2 Boil the gravy mix for 40 minutes or until it is thick enough for your liking. Season. Extra chicken stock can be added if you are worried about quantity - but there should be loads. I quite like to stir in a little double cream at the end.
You can substitute any other chopped nuts for walnuts or pecans, but the chestnuts are an integral part of this recipe. If you omit the sausage meat, the stuffing makes a great filling for a vegetarian pie (use the pastry recipe from the September 12 issue of Cook. Serve it with a Cumberland sauce.
Preparation time: 20 minutes
Cooking time: 1 hour 10 minutes
1 onion, chopped
1 tbsp olive oil
1 stick celery, chopped
A pinch of dried thyme
1 tsp marjoram leaves, chopped
1/2 celeriac, finely chopped or grated
1 garlic clove, crushed
150g peeled chestnuts, chopped
50g walnuts, chopped
50g pecans, chopped
Grated zest 1 orange plus juice
A slug of brandy
250g pork sausage meat
A pinch of cayenne pepper
Salt and black pepper
1 In a large pan, sweat the onions in the oil with the celery, herbs and celeriac for 10 minutes over a medium heat or until the celeriac is soft. Add the garlic and cook for another minute. Remove from the heat and allow to cool.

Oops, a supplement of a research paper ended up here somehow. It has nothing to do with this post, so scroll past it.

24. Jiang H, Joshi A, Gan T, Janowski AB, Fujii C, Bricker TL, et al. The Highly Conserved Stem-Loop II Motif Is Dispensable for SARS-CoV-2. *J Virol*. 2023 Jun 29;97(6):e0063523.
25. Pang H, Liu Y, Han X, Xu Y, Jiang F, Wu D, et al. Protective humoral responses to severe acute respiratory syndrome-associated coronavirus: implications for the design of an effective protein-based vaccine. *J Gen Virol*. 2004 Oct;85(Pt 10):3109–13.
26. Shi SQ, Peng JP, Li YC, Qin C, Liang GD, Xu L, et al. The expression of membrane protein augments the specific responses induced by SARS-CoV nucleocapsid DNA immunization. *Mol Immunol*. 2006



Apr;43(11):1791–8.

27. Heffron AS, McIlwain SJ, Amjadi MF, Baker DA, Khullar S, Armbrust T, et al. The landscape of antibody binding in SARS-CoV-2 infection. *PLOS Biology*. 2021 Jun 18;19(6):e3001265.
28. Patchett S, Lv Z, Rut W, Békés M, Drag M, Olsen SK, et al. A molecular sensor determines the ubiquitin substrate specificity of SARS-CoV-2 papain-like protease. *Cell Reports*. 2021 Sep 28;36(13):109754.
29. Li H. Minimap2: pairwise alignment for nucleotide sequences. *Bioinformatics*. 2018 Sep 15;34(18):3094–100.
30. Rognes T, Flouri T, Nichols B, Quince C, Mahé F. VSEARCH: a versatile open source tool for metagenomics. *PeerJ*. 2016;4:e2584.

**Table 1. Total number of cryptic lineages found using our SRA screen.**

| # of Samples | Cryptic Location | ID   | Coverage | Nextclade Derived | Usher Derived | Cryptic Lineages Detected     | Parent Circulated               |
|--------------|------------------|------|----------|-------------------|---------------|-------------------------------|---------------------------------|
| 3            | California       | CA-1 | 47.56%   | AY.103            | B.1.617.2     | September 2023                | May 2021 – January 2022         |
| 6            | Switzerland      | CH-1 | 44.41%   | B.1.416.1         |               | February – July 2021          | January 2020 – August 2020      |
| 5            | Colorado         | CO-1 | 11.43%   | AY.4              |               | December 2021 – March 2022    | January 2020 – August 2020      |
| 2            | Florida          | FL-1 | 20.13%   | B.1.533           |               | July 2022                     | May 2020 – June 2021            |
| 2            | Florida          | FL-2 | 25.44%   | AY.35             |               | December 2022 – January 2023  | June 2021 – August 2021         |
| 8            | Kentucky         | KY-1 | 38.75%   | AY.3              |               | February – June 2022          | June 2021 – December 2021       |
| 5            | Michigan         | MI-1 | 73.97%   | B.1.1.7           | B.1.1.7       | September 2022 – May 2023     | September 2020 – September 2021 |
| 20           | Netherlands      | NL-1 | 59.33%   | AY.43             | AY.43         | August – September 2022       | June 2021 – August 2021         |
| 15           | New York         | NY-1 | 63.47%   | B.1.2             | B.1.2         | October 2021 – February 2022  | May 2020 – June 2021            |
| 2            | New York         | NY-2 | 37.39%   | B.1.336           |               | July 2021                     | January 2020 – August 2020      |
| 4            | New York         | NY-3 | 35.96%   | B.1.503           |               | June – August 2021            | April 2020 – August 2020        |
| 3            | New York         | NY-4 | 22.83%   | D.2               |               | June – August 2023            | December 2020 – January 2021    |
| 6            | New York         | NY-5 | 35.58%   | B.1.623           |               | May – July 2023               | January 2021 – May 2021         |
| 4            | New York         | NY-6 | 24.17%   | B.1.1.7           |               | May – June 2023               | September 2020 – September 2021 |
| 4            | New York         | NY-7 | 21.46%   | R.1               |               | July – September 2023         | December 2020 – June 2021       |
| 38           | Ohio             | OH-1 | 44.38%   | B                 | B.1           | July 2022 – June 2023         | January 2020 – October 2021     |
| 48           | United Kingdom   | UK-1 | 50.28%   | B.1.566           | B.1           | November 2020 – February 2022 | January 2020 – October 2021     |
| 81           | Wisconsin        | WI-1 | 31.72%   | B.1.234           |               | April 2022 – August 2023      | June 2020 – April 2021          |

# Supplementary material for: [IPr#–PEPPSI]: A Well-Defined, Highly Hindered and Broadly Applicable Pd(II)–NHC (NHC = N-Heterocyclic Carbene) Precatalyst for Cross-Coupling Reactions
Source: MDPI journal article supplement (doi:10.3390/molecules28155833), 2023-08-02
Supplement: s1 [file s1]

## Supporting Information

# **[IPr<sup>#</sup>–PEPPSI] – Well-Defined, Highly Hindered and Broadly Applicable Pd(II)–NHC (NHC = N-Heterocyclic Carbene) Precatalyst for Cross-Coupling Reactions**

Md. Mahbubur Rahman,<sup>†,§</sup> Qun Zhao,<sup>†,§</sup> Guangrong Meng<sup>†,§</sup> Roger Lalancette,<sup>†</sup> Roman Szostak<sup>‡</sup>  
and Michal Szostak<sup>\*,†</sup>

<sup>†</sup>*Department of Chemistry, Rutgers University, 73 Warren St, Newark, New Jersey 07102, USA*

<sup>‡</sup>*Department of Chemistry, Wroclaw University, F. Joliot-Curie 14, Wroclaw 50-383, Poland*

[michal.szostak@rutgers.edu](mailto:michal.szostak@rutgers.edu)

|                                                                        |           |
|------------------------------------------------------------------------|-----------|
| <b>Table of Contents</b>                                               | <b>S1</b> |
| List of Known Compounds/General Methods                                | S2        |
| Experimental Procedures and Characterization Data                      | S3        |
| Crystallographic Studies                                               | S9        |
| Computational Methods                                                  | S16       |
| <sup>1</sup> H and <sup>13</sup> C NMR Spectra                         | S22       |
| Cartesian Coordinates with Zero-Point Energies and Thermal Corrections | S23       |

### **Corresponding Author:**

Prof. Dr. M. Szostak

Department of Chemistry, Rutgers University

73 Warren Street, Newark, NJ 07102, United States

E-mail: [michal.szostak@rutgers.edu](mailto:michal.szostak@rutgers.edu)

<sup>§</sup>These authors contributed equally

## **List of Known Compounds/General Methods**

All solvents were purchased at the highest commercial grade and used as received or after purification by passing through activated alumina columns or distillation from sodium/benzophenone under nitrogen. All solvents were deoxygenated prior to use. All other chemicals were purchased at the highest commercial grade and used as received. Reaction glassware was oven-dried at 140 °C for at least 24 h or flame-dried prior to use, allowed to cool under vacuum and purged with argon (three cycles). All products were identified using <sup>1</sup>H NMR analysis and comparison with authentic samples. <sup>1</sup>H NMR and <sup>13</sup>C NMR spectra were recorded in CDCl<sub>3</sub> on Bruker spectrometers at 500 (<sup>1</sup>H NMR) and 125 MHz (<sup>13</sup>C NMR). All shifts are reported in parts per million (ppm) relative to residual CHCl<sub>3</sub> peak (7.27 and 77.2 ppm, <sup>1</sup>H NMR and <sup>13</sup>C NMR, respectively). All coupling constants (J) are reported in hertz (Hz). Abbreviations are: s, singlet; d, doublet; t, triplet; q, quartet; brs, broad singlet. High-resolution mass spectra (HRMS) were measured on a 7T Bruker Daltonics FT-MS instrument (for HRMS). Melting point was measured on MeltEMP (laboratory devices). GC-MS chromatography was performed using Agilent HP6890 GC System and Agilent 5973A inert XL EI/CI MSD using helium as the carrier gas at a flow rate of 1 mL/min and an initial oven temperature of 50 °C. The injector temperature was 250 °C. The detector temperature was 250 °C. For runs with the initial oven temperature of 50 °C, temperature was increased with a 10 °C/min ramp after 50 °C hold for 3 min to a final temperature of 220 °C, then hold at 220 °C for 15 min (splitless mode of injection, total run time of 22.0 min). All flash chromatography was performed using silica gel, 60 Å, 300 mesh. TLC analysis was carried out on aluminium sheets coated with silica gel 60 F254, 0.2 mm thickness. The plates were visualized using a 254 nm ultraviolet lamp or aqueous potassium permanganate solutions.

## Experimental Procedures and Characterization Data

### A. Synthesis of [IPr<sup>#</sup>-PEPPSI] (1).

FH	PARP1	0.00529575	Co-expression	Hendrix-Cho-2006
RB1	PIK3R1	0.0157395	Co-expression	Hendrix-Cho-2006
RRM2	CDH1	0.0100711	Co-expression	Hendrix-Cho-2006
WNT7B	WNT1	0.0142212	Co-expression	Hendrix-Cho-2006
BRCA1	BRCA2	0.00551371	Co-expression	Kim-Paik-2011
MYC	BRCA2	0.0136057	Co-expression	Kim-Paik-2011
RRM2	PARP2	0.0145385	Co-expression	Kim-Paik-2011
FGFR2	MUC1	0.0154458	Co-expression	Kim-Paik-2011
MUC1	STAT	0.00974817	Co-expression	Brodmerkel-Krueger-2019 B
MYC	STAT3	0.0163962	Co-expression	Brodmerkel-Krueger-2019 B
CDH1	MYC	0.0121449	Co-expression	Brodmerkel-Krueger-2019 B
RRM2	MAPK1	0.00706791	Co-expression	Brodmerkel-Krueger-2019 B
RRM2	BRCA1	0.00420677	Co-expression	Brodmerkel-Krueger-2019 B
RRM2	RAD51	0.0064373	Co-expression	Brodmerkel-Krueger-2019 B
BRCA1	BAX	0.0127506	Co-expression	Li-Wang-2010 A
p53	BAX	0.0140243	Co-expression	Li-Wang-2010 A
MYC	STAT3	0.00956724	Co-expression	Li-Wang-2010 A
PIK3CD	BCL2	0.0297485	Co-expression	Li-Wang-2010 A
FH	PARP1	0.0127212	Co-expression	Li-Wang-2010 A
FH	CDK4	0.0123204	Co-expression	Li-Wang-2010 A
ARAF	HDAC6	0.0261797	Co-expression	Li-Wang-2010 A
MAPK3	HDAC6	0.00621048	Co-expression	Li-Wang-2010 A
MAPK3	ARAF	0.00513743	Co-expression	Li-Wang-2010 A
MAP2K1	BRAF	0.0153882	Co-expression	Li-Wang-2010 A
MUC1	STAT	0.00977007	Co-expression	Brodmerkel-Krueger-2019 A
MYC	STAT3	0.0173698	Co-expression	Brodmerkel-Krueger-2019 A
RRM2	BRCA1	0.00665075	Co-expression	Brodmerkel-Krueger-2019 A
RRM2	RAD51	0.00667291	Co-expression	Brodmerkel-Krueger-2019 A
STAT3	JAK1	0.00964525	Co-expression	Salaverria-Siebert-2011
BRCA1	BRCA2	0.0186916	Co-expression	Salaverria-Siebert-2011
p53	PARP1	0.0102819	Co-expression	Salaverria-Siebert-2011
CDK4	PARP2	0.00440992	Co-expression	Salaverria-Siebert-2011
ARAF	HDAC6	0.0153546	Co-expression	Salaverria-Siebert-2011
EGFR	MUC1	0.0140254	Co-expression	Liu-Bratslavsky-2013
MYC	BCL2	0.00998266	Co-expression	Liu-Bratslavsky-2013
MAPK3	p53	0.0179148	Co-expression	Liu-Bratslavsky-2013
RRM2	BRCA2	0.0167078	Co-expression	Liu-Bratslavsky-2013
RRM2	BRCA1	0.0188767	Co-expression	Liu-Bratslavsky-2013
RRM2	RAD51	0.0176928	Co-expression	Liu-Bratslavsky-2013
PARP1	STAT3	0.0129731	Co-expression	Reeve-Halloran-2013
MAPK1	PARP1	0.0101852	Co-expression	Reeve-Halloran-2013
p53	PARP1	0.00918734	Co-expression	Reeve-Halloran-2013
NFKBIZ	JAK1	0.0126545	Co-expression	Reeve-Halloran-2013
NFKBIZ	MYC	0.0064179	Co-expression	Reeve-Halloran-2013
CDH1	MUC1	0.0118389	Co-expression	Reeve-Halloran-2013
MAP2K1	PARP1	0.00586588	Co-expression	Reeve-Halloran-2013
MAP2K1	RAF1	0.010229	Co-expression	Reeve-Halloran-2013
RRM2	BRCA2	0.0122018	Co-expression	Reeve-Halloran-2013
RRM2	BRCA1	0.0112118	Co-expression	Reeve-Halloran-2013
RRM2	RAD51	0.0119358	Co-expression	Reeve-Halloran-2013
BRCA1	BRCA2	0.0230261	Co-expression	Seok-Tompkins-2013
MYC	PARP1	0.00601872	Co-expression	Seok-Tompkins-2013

2 In a large bowl mix your cooled celeriac mix with the chopped nuts. Beat the eggs and add them to the bowl along with the orange zest and juice, brandy and sausage meat. Season with cayenne, salt and black pepper.
3 Fry a little of the stuffing mix in a small pan and adjust the seasoning to taste.
4 The stuffing can now be used to stuff the neck of the turkey or cooked in a loaf tin separately (or as stuffing balls). If cooking in a loaf tin, line the tin with greaseproof paper and bake covered in a preheated oven (180C/350F/gas mark 4) for about an hour or until firm to touch.
5 There is always a huge amount of "oven juggling" so you may have to start the stuffing off at a higher temperature and finish in a lower oven. Just keep an eye on it and make sure it's covered, so it doesn't dry out.
Stick to a few family favourites and you can't fail on Christmas day ... Photograph: Tony Robins/Getty Images